departments of the business.
How do you allocate overhead in QuickBooks?
- Accumulate costs by class in the normal way, assigning
classes when you enter expense transactions in QuickBooks. But
set up some additional classes for overhead cost areas of the
business, and assign those to transactions wherever appropriate.
These might be classes like Office and Administrative or Maintenance
- At the end of the period (month, quarter, year, etc.), run
a Profit and Loss by Class report to get totals for
the overhead classes. You need to know the amounts available for
allocating to other classes.
- Add a new account to use in making allocation Journal
entries (in step 4 below). Call it Overhead Allocation,
or anything else that will remind you its purpose is to
represent allocated expenses. Assign the Other Expense
account type, so reports won't list this account along with
other (direct) Expense account type's lines. Rather, this
account will appear separately on reports, below the subtotaled
Note: On the Profit and Loss reports of any individual
class, this account will show the balance allocated to that
class; however, the balance of this account will always be zero,
because it will only be used for transferring amounts between
classes. (The next step illustrates this.)
- Make Journal entries to allocate the overhead classes' amounts
to your profit center classes on some reasonable basis. Each Journal entry should include (1) a line debiting the Overhead
Allocation account for the total amount to be allocated,
with the overhead class identified in the Class column, and (2)
multiple lines--one for each profit center class--crediting Overhead
Allocation for the amount that class is to be allocated.
Note that the net effect of each Journal entry will be to leave
the Overhead Allocation
account's balance at zero, because it is debited
and credited by the same amount.
A profit center is an area or department of
your business that you operate for the purpose of
generating a profit.
A main goal of cost accounting is to evaluate whether
each of those areas is profitable. To do that, you prepare
a profit and loss reports for each profit center after (1)
accumulating its direct incomes and expenses by applying
classes when you enter transactions, and (2) allocating
each profit center an appropriate share of overhead costs.
The tough part of making allocations this way is that last step.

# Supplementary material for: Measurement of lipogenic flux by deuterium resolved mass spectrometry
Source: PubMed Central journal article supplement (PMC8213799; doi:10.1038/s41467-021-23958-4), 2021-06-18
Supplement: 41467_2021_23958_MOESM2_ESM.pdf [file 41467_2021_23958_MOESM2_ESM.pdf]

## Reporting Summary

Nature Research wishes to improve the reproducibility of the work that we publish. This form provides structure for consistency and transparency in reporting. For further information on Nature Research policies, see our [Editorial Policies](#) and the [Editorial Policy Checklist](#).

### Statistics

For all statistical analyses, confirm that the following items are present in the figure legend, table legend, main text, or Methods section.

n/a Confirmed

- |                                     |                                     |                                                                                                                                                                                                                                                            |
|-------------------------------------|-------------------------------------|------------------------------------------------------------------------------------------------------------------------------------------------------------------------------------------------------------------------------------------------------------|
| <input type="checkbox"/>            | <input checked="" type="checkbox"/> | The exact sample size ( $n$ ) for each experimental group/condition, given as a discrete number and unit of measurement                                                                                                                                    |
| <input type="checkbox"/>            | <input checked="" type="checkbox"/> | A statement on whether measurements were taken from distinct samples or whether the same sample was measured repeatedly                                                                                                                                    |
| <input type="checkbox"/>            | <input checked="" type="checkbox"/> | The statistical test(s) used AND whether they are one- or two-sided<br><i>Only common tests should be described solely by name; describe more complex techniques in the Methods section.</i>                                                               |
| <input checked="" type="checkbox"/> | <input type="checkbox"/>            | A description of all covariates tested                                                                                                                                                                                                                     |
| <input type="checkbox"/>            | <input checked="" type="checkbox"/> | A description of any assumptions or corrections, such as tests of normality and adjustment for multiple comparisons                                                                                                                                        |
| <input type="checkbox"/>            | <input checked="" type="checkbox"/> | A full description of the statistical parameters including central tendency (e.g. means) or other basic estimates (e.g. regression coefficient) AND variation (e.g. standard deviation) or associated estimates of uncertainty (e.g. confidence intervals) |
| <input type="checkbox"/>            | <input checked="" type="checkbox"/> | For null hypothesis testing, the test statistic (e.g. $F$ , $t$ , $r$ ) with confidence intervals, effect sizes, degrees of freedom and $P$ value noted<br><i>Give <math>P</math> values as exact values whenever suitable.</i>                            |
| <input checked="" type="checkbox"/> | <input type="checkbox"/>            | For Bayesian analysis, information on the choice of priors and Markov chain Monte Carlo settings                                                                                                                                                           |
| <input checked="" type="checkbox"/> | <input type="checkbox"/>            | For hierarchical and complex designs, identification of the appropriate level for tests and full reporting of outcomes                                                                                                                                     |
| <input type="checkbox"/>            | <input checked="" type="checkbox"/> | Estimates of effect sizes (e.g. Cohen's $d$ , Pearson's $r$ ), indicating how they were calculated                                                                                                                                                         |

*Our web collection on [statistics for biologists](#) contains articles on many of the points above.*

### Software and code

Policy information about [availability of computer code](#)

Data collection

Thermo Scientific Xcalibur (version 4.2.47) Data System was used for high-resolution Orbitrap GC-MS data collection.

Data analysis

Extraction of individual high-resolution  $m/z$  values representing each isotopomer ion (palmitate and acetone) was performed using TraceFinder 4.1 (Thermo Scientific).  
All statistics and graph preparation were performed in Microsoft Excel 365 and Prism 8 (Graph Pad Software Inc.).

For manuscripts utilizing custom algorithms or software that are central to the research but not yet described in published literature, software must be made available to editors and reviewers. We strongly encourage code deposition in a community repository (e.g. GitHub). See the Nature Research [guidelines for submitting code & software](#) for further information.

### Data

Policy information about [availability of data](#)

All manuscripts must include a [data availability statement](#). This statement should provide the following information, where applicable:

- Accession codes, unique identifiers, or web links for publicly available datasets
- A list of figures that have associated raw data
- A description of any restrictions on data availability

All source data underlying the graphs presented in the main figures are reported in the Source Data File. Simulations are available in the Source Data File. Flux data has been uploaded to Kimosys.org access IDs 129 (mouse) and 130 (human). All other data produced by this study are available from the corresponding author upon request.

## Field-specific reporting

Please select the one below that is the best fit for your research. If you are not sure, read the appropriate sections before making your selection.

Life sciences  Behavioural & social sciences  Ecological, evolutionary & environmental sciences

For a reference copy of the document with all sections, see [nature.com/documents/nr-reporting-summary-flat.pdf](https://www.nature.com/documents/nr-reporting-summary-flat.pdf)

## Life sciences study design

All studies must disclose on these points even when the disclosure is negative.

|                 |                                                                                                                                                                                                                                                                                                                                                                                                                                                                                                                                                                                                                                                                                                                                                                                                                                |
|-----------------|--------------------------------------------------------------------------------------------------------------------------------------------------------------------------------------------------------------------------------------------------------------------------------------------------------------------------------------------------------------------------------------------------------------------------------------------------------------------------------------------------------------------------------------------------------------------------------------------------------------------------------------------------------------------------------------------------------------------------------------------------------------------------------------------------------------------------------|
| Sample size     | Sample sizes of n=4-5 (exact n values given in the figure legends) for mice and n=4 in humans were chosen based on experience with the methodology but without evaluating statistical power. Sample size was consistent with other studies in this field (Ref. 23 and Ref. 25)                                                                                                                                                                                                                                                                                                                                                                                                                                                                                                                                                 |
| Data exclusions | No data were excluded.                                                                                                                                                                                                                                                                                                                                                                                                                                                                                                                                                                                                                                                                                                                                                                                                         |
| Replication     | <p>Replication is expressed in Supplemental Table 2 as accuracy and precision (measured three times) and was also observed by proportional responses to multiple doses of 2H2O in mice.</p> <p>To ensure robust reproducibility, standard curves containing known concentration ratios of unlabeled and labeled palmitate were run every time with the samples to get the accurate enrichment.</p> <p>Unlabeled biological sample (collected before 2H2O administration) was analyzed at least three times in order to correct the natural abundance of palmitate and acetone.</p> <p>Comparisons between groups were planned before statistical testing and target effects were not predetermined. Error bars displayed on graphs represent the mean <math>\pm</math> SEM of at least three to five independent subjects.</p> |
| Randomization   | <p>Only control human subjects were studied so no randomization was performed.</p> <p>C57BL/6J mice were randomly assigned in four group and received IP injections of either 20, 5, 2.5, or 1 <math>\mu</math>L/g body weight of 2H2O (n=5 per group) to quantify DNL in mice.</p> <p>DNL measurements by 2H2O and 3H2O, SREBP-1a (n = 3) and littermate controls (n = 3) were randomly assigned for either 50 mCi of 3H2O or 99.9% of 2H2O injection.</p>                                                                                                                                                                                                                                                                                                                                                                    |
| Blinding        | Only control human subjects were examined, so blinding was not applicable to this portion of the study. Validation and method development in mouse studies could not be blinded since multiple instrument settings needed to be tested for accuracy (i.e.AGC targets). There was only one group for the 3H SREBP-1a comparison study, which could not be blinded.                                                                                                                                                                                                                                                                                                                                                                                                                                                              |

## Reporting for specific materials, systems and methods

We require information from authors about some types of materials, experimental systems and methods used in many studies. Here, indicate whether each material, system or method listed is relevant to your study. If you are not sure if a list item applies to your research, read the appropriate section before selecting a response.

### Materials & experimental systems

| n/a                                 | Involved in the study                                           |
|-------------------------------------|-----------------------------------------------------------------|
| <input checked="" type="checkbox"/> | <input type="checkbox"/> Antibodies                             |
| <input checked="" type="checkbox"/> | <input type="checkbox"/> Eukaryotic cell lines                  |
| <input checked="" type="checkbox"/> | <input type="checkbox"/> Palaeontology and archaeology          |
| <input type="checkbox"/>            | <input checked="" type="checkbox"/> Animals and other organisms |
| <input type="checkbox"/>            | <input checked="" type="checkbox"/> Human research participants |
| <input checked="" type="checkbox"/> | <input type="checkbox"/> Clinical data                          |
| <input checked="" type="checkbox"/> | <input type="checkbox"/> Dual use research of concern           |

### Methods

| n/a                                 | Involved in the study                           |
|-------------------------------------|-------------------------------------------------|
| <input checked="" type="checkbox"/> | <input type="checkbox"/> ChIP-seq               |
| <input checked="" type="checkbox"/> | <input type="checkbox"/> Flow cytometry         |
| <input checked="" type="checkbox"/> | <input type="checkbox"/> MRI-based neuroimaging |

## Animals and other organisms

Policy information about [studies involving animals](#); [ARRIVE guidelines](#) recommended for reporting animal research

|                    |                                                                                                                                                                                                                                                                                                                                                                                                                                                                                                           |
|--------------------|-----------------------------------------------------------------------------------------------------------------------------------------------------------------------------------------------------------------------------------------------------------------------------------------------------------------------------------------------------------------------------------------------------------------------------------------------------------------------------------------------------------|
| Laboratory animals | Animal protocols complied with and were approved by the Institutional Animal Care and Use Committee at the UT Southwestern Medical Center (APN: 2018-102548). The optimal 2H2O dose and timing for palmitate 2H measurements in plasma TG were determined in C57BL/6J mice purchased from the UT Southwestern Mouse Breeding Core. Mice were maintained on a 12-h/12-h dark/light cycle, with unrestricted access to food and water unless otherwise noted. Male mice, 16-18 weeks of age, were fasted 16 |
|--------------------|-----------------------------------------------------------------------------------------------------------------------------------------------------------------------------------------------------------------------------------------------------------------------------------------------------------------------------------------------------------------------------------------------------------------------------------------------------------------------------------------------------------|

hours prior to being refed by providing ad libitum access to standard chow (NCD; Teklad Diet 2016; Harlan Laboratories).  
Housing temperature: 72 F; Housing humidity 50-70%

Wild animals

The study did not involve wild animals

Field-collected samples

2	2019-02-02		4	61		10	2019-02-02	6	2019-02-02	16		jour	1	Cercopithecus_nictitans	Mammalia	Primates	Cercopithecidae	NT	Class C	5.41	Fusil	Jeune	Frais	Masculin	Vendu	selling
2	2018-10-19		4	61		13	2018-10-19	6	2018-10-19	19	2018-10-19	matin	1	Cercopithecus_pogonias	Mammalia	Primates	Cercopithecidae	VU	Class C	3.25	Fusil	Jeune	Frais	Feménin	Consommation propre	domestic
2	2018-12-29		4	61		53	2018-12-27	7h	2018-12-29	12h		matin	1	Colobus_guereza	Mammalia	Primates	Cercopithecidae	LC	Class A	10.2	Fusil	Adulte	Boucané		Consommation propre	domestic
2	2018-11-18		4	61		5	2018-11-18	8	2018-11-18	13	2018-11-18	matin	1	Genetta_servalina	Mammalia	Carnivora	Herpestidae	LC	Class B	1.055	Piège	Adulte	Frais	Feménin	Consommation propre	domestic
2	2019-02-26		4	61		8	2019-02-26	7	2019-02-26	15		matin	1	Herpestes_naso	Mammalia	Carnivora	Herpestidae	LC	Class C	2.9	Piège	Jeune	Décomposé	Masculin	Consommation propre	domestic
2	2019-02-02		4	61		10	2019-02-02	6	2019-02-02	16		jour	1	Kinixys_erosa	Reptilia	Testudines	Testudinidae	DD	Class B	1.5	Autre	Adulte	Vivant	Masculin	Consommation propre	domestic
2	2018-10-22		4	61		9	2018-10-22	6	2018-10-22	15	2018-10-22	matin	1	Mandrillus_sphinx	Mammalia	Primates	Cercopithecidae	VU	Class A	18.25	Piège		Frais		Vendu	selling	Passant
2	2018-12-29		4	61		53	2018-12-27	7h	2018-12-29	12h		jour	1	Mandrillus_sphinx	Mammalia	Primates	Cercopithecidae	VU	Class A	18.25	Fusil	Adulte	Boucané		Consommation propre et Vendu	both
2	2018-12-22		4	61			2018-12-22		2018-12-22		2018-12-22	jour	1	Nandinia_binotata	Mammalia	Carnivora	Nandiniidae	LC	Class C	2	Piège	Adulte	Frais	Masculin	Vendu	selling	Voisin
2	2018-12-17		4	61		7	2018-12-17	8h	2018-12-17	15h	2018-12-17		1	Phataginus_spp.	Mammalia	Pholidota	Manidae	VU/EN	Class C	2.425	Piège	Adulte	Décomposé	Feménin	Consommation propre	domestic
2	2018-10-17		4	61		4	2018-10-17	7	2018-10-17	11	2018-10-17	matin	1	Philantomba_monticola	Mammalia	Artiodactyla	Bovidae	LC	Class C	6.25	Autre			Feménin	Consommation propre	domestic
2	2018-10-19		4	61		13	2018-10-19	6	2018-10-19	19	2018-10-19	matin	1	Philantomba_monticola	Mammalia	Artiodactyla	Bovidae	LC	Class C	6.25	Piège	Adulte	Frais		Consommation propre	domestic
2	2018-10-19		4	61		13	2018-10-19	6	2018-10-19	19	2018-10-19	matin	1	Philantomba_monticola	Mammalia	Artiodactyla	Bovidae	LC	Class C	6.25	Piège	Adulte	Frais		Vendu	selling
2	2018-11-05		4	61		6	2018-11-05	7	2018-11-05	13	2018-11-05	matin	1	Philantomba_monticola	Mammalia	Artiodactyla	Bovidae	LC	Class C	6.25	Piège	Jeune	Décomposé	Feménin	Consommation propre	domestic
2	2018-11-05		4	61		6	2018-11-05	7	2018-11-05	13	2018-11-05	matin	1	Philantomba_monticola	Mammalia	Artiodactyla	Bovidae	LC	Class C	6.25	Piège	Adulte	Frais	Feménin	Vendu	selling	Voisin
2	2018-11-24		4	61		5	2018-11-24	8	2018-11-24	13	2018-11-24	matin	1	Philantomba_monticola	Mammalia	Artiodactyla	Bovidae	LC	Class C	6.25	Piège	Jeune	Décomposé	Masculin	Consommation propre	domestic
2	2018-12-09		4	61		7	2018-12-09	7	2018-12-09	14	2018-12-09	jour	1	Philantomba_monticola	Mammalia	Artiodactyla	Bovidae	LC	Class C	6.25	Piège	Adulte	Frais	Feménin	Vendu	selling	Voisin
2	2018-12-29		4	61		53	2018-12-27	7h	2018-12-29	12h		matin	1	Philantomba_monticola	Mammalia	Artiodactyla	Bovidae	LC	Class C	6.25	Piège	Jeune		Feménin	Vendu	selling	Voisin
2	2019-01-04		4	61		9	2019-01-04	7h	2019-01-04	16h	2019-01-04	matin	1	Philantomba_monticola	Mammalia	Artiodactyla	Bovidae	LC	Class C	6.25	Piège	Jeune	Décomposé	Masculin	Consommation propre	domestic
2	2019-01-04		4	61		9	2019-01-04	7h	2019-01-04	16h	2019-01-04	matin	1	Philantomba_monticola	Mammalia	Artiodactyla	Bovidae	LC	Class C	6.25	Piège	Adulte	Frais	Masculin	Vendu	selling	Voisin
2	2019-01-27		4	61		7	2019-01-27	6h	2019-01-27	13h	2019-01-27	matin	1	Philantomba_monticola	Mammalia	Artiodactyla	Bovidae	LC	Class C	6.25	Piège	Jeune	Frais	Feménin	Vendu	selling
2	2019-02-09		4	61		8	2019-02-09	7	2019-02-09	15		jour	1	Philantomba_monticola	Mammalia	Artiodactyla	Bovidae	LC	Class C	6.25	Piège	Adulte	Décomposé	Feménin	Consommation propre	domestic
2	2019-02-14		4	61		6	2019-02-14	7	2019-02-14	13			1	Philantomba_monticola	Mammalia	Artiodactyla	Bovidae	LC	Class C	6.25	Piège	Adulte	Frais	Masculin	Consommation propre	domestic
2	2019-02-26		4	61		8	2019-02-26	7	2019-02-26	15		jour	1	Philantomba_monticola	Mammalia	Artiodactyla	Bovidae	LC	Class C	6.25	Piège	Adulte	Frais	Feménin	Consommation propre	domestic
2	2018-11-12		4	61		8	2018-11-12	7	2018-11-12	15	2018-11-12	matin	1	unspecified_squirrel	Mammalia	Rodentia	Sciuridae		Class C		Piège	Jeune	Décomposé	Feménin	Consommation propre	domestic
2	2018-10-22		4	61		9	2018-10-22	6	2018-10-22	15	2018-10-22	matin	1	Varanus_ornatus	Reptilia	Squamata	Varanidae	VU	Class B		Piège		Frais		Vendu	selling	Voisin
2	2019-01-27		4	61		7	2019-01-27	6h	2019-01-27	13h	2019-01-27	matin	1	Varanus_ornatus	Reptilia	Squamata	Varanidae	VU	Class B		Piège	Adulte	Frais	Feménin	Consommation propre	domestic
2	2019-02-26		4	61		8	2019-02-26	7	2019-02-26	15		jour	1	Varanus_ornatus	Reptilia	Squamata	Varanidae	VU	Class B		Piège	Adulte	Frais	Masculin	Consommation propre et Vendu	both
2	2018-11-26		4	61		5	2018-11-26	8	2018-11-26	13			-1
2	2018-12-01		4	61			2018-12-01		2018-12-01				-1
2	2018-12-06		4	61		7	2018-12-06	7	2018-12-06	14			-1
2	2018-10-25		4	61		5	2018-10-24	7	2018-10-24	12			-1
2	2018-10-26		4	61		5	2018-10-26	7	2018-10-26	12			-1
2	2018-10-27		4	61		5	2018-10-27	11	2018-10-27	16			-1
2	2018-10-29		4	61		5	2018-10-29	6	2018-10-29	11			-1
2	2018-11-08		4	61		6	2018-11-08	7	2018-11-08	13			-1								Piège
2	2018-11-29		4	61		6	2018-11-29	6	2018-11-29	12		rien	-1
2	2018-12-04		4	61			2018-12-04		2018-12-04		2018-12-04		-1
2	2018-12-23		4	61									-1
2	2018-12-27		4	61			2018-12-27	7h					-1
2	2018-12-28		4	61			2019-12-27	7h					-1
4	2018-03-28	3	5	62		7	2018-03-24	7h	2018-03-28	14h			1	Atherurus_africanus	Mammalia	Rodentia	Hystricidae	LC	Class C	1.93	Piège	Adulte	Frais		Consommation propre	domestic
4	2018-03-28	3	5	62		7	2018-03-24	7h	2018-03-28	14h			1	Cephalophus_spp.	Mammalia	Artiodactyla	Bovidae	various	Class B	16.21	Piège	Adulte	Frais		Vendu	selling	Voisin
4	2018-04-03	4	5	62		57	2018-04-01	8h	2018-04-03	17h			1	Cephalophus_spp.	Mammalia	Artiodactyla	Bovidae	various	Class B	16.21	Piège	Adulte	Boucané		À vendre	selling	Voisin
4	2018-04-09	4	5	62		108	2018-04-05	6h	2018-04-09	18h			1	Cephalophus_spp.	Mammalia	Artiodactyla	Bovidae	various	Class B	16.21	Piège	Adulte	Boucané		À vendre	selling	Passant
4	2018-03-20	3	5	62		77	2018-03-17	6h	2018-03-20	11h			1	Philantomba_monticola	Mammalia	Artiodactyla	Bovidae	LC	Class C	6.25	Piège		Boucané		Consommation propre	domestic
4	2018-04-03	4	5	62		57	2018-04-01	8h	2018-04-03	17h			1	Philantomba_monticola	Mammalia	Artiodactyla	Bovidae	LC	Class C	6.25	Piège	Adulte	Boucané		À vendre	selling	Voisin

You have to understand debits and credits, and the total for the
credit lines must equal the amount of the debit line. But that's not even
close to being the
tedious part: what's worse is that you'll have to figure out
amount to allocate to each profit center.
Suppose you accumulated $4355 for the Office &
Administrative class for the month, and you will allocate it
among five profit centers. If you want to allocating 15% to one
profit center, 20% to each of two others, 18% to a fourth, and the
remainder (37%) to a fifth profit center...well, it's time to grab
your calculator and get to work! If you have four overhead classes
and five profit centers you have twenty calculations to do...and a
lot of opportunities for error, both in the calculations and in entering all those numbers in your Journal entries.
In the real world, anyone who does much allocation typically
uses a spreadsheet program for the calculations. But the calculated dollar amounts
still have to be manually entered in your
Journal entries. So there remain plenty of places for errors to
creep in, which means you'll be spending a lot of time getting
everything checked over and entered correctly.
Is there a more automated way? Yes! You can use a
QuickBooks add-on to handle all the allocations. Our ManagePLUS
Gold for QuickBooks product is one of those. It gathers the
amounts assigned to each of your classes by QuickBooks transactions,
then lets you allocate among classes by drag-and-drop with the
mouse--no journal entries nor a calculator or spreadsheet are
If you allocate based on percentages, ManagePLUS Gold stores them so you can re-use them again next
period if you want. It also gives you the option of allocating costs
based on management quantities like hours of labor or units
of production associated with the target profit centers. For example, if each truck
operated by a trucking company is viewed
as a profit center--i.e., there's a profit center class for each
truck--you can associate the number of miles driven with each truck
class. ManagePLUS Gold could then automatically split Office &
Administrative expense among all of the truck classes based on mileage
driven during the period.
Want to know more? A good place to
start is with learning about basic cost accounting concepts,
like profit centers
and cost centers.
Getting Off to a Good Start...
The Classes list in QuickBooks can have up to five levels (classes
and subclasses), and class reports summarize information at each of
those levels. To have class information arranged in reports in a way that provides the
most benefit, it helps to give
some thought to how the list should be structured.
One last point about classes: Originally Intuit designed
the classes feature to work just with income and expense transactions.
Using and getting reports on classes used in income and expense
transactions is simple and straightforward--there are no pitfalls
involved and no surprises. However, recent QuickBooks releases--of
QuickBooks Premier and higher editions--also let you apply classes to balance
sheet-related (asset, liability, or equity account) transactions,
and get a Balance Sheet by Class report. This feature can provide
useful information, but there are a lot of potential "gotcha's"
involved. So be sure you understand the accounting requirements and
limitations before you begin attaching classes to balance